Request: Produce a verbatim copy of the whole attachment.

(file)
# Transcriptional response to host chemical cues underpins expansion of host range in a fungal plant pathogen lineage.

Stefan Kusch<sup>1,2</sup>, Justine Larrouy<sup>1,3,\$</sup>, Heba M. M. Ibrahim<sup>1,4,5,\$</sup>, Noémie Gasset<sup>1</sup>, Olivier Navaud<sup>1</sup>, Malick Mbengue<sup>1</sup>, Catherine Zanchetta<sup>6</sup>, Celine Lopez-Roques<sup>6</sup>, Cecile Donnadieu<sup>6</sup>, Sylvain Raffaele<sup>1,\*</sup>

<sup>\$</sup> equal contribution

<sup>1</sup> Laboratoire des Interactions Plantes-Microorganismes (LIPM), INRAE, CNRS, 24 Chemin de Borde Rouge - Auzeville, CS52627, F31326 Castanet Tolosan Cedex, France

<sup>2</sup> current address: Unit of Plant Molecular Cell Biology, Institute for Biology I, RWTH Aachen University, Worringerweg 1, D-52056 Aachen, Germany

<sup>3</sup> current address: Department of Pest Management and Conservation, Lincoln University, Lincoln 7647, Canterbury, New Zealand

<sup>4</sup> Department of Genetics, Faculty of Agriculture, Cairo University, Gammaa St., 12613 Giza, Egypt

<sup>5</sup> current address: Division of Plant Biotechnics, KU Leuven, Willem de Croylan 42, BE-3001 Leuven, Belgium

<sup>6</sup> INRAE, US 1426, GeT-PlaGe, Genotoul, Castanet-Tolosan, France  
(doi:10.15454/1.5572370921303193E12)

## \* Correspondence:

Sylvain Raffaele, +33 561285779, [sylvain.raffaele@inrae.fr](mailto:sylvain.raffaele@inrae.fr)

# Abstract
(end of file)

# Transcriptional response to host chemical cues underpins expansion of host range in a fungal plant pathogen lineage.

Stefan Kusch<sup>1,2</sup>, Justine Larrouy<sup>1,3,\$</sup>, Heba M. M. Ibrahim<sup>1,4,5,\$</sup>, Noémie Gasset<sup>1</sup>, Olivier Navaud<sup>1</sup>, Malick Mbengue<sup>1</sup>, Catherine Zanchetta<sup>6</sup>, Celine Lopez-Roques<sup>6</sup>, Cecile Donnadieu<sup>6</sup>, Sylvain Raffaele<sup>1,\*</sup>

<sup>\$</sup> equal contribution

<sup>1</sup> Laboratoire des Interactions Plantes-Microorganismes (LIPM), INRAE, CNRS, 24 Chemin de Borde Rouge - Auzeville, CS52627, F31326 Castanet Tolosan Cedex, France

<sup>2</sup> current address: Unit of Plant Molecular Cell Biology, Institute for Biology I, RWTH Aachen University, Worringerweg 1, D-52056 Aachen, Germany

<sup>3</sup> current address: Department of Pest Management and Conservation, Lincoln University, Lincoln 7647, Canterbury, New Zealand

<sup>4</sup> Department of Genetics, Faculty of Agriculture, Cairo University, Gammaa St., 12613 Giza, Egypt

<sup>5</sup> current address: Division of Plant Biotechnics, KU Leuven, Willem de Croylan 42, BE-3001 Leuven, Belgium

<sup>6</sup> INRAE, US 1426, GeT-PlaGe, Genotoul, Castanet-Tolosan, France  
(doi:10.15454/1.5572370921303193E12)

## \* Correspondence:

Sylvain Raffaele, +33 561285779, [sylvain.raffaele@inrae.fr](mailto:sylvain.raffaele@inrae.fr)

# Abstract